A moral panic can be defined as a phenomenon, frequently initiated by disquieting media and reinforced by responsive laws and public policies, of embellished public concern, angst or anger over a perceived danger to societal order (Krinsky, 2013). The media plays a crucial role in emphasizing a current moral panic. In Jock Young’s chapter Images of Deviance (1971), he comments on the phenomenon of deviance magnification, he deems dramatic media coverage of deviant behaviours to be ironic, owing to the fact that it unintentionally increases rather than restrains the apparent deviance. In hind sight the media create social problems, owing to the fact that they can present them dramatically and are able to do it swiftly (Young & Cohen, 1971: 37).
The appalling nature of the (9/11) terrorist attack was sufficient for the act to be defined as a national threat by then president, George W. Bush. In accordance with Cohen (1972), the first element in defining a moral panic is via a threat to values and ...
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...egotiators of drug control as seen in notting hill. Harmondsworth: Penguin Books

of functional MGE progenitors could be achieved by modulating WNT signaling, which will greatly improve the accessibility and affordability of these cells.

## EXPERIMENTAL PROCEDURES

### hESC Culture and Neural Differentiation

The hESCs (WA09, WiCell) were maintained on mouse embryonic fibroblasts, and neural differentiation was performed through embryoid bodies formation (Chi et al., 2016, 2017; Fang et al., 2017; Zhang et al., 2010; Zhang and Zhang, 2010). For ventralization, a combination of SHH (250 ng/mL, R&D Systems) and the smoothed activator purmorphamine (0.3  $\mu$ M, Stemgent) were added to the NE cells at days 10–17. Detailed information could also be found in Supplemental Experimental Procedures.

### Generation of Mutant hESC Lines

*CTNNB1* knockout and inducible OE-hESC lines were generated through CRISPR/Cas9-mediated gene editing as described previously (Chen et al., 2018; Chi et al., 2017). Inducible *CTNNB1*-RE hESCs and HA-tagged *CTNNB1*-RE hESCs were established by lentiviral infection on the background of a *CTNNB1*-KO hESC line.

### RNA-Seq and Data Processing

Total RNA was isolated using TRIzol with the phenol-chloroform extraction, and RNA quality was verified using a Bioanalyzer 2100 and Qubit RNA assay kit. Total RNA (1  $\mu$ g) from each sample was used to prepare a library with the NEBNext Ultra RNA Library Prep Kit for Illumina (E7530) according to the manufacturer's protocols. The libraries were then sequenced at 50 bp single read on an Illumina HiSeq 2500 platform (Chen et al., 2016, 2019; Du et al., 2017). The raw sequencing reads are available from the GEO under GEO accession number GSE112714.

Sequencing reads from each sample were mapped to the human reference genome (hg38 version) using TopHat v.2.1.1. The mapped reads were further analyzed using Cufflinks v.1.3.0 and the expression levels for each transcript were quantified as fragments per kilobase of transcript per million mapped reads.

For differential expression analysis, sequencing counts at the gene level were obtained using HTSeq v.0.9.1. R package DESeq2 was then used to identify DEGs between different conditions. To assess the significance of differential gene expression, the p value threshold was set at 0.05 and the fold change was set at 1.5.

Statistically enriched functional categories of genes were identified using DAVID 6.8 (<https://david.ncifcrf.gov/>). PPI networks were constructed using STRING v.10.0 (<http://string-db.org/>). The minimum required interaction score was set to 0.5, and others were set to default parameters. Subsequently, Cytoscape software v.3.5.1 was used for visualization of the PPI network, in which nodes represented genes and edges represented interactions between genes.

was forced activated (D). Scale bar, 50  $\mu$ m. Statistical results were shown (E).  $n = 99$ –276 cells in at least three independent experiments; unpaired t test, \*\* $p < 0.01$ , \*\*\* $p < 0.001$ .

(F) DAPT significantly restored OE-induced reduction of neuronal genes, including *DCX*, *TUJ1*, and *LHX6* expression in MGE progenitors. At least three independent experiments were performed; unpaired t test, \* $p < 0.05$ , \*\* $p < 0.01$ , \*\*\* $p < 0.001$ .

Krinsky, C. 2013. Introduction: The Moral Panic Concept.
http://www.scribd.com/doc/123190159/Charles-Krinsky-Introduction-the-Moral-Panics-Concept. [2014, Mar 16].
Dyck, J.J. & Merkowitz, S.P. 2013. The Privacy Generation.
http://www.psmag.com/navigation/politics-and-law/privacy-generation-security-spying-nsa-government-67394/. [2014, Mar 17].
Goode, E. & Yehuda, N. B.1994. Moral Panics: The Social Construction of Deviance. Oxford: Blackwell.
Herman, E. & Sullivan, G. O.1989. The Terrorism Industry: The Experts and Institutions That Shape Our View of Terror. New York: Pantheon.
Rothe, D. & Muzzatti, S.L. 2004. Enemies everywhere: Terrorism, moral panic and US civil society. Critical Criminology. 1(12): 327–350.
Thompson, K. 1998. Moral Panics. New York: Routledge.
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